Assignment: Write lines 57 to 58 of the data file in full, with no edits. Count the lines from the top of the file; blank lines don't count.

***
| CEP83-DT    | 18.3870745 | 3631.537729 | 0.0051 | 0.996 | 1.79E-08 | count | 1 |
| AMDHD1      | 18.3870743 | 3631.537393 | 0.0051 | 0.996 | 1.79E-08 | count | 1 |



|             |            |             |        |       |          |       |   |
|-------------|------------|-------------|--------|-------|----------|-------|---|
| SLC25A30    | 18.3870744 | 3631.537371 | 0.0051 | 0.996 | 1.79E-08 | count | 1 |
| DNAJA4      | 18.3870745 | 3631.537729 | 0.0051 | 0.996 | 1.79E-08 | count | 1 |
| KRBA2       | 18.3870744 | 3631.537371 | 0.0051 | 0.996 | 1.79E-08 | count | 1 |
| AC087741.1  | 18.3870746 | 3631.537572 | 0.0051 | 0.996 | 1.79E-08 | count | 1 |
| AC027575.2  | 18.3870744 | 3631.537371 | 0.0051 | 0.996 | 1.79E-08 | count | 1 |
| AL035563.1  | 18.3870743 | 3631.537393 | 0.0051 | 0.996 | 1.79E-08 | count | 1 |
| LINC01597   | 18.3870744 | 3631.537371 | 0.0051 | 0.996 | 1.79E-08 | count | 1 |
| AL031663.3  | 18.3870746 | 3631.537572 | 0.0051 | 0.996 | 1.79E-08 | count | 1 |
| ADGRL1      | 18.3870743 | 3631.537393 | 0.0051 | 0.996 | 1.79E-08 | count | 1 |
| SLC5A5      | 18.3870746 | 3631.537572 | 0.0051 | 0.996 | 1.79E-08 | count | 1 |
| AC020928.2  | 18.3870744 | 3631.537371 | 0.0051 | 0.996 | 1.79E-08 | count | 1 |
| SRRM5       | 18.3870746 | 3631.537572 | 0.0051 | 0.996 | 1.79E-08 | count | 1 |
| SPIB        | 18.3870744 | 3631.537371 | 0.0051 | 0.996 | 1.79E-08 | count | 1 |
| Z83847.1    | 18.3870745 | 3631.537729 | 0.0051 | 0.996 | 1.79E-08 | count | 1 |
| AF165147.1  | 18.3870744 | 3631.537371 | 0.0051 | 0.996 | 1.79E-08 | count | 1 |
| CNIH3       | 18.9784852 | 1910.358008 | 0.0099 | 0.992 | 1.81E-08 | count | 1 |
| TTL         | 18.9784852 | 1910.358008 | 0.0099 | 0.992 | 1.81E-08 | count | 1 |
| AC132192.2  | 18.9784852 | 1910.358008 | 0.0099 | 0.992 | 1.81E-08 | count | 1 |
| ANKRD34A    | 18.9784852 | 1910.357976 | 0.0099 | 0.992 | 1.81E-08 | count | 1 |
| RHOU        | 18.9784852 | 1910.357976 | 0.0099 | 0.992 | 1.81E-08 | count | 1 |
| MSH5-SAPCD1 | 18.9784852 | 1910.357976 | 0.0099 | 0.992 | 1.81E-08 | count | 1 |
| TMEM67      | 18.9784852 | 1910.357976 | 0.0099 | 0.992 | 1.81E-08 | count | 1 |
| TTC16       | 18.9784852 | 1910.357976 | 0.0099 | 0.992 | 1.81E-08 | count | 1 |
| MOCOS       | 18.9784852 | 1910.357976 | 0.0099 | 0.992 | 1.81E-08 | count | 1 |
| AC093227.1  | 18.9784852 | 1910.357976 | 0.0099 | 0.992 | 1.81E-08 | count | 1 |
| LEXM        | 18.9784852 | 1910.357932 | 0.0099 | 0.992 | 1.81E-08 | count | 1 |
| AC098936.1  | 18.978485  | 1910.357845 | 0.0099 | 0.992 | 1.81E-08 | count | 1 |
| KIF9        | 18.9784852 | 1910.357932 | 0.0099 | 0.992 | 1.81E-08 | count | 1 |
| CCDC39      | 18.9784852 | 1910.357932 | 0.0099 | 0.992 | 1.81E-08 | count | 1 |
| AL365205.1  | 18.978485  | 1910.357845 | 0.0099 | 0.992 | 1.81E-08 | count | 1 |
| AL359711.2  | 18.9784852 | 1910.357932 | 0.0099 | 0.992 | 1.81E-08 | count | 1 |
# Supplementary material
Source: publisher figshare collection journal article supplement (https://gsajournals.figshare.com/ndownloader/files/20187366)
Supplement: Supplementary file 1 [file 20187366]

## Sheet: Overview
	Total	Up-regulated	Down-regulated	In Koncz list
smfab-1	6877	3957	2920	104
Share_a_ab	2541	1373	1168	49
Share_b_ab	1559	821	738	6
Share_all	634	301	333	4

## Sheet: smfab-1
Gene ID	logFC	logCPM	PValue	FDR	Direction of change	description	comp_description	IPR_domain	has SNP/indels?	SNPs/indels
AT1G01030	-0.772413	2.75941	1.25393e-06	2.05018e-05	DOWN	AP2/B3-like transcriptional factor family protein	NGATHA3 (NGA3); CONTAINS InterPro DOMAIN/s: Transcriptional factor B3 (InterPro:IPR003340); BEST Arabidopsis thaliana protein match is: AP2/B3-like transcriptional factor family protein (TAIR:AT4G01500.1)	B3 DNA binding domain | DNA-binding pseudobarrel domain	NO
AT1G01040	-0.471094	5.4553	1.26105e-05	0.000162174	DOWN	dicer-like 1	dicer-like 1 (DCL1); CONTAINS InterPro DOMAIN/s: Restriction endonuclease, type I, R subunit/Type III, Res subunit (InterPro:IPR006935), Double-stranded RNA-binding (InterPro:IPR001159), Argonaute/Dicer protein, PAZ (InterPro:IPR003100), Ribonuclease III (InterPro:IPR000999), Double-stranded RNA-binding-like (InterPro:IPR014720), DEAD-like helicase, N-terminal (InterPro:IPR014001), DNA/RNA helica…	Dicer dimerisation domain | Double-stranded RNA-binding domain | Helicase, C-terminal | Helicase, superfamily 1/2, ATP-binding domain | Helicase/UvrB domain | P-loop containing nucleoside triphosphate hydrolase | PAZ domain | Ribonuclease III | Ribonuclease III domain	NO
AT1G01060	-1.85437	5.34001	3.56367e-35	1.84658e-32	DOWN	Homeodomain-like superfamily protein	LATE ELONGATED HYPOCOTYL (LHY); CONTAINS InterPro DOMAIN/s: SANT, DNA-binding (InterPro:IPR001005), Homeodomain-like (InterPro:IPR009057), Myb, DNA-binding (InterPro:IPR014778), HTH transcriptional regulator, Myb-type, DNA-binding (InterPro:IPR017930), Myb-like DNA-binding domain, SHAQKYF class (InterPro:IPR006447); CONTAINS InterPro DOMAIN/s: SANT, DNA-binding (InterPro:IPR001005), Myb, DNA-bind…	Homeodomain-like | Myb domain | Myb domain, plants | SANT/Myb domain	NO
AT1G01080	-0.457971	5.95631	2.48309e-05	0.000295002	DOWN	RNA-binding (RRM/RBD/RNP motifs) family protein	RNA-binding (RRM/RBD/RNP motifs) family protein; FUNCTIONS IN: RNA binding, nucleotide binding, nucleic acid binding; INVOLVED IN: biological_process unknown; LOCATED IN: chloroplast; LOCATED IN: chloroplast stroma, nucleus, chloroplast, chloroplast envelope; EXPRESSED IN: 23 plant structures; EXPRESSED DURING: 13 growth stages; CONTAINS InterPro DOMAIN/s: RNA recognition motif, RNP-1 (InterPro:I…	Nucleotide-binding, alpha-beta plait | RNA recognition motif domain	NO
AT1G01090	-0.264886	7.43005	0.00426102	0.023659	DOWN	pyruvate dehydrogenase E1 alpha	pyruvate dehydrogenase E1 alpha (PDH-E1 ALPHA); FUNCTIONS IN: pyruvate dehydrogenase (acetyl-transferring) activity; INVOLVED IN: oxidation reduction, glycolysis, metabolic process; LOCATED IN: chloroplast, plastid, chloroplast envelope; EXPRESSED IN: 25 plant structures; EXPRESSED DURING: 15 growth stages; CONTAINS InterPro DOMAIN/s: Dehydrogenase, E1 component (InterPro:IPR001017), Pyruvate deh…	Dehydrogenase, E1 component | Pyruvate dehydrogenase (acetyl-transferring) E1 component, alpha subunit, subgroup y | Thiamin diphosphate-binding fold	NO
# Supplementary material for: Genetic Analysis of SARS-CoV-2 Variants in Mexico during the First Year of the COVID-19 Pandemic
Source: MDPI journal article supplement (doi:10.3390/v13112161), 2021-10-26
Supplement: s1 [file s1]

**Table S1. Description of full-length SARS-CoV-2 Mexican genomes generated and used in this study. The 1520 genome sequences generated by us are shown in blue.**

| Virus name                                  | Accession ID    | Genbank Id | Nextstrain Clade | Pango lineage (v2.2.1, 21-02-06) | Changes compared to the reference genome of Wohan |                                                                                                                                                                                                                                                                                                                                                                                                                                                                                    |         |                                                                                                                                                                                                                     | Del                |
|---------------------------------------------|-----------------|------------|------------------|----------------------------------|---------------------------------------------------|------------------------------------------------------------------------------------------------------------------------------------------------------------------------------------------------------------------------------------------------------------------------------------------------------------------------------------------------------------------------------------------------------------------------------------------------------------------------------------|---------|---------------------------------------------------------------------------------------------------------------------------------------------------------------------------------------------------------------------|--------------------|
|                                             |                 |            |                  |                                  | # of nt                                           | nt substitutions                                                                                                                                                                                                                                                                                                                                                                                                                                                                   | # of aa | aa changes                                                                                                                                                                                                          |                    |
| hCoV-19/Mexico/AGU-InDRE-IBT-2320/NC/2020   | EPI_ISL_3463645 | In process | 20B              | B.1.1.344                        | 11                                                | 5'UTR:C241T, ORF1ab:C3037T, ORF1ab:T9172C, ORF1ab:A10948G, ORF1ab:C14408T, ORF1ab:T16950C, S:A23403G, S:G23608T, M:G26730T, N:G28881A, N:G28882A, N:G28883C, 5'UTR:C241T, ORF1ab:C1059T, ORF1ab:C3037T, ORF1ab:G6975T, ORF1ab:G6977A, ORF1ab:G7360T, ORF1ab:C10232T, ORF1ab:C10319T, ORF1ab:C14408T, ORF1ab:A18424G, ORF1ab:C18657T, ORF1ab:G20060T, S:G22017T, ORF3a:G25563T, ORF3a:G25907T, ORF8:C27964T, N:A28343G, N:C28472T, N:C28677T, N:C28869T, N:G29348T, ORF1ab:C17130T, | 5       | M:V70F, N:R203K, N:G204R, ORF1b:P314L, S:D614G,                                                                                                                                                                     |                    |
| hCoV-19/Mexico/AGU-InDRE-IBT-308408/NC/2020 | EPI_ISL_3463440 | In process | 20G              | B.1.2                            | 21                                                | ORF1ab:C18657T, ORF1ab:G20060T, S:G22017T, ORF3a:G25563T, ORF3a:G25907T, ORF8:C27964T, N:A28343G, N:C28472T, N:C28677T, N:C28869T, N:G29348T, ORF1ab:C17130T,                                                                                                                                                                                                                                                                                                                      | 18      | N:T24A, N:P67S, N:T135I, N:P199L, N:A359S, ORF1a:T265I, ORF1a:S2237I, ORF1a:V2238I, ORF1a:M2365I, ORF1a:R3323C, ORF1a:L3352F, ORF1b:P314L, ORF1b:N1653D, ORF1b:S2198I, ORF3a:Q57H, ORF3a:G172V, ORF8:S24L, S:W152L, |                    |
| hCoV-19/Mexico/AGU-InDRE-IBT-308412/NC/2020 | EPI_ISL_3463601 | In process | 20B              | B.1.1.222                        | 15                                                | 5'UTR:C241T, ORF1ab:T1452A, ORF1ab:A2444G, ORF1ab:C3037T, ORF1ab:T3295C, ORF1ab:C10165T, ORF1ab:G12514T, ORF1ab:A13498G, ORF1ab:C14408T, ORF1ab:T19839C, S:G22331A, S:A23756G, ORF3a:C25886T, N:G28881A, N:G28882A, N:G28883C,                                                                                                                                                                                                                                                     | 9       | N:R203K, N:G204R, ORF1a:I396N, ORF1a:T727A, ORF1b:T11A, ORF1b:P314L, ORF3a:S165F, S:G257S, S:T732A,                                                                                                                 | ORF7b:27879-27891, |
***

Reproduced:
|---------------------------------------------|-----------------|------------|------------------|----------------------------------|---------------------------------------------------|------------------------------------------------------------------------------------------------------------------------------------------------------------------------------------------------------------------------------------------------------------------------------------------------------------------------------------------------------------------------------------------------------------------------------------------------------------------------------------|---------|---------------------------------------------------------------------------------------------------------------------------------------------------------------------------------------------------------------------|--------------------|
|                                             |                 |            |                  |                                  | # of nt                                           | nt substitutions                                                                                                                                                                                                                                                                                                                                                                                                                                                                   | # of aa | aa changes                                                                                                                                                                                                          |                    |